market-neutral investing(redirected from Market Neutral Investing)
An investment strategy in which one seeks to make the same return regardless of the performance of the broader market. There is no single way of executing a market neutral strategy, but it usually involves taking a combination of long positions and short positions. For example, one may take a long position on one index while also taking a short position on a similar but not identical index. Market neutral investing may also involve some form of arbitrage.
Farlex Financial Dictionary. © 2012 Farlex, Inc. All Rights Reserved
An investment strategy of attempting to assemble an investment portfolio with a return that is unaffected by returns in the overall market. For example, an investor might buy shares of a petroleum company the investor considers undervalued and sell short an equal value of shares of a different petroleum company the investor considers overvalued. The investor expects to profit regardless of whether the overall market rises or declines. Market-neutral investing utilizes hedging in an attempt to profit from market inefficiencies.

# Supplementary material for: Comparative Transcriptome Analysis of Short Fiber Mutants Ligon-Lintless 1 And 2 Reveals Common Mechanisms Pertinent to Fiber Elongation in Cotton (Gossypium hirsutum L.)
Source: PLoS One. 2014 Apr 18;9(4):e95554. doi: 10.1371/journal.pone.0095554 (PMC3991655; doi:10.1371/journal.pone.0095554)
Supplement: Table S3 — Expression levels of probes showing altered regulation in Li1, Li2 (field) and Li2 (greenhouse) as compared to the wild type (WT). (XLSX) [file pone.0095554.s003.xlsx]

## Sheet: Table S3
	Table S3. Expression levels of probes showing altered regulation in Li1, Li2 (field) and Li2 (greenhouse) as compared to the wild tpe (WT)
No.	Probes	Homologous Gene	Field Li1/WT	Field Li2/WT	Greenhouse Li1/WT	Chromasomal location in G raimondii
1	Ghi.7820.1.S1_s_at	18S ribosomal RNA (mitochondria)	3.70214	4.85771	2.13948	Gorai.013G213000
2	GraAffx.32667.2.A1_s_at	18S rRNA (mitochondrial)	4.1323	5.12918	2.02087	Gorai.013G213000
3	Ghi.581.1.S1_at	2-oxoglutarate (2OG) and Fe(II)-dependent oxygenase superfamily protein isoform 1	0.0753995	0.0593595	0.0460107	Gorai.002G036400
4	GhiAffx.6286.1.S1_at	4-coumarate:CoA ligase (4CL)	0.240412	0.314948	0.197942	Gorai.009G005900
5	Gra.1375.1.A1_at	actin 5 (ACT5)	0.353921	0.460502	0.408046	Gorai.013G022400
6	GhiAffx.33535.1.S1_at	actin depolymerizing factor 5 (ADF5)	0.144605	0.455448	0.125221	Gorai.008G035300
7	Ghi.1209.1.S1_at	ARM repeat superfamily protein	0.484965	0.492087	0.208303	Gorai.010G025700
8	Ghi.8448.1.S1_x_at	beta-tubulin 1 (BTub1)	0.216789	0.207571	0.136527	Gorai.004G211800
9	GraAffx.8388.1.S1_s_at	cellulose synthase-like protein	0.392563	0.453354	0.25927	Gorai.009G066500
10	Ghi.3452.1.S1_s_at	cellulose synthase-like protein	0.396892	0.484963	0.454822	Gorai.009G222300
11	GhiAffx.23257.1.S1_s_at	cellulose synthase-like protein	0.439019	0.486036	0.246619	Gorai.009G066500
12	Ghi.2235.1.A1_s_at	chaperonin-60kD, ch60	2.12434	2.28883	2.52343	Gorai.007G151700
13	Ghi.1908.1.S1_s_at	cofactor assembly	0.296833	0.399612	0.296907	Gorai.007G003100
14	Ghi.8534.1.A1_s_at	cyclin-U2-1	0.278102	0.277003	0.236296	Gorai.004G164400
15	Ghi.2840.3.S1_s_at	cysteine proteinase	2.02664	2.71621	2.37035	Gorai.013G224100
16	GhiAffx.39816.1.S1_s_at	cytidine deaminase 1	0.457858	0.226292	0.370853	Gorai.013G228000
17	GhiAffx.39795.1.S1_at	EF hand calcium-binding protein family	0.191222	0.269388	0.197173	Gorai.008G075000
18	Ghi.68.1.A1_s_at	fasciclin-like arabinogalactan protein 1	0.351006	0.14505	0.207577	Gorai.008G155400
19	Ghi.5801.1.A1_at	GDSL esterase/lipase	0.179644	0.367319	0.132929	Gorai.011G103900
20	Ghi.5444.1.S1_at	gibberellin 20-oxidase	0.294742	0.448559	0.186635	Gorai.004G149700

Wall Street Words: An A to Z Guide to Investment Terms for Today's Investor by David L. Scott. Copyright © 2003 by Houghton Mifflin Company. Published by Houghton Mifflin Company. All rights reserved. All rights reserved.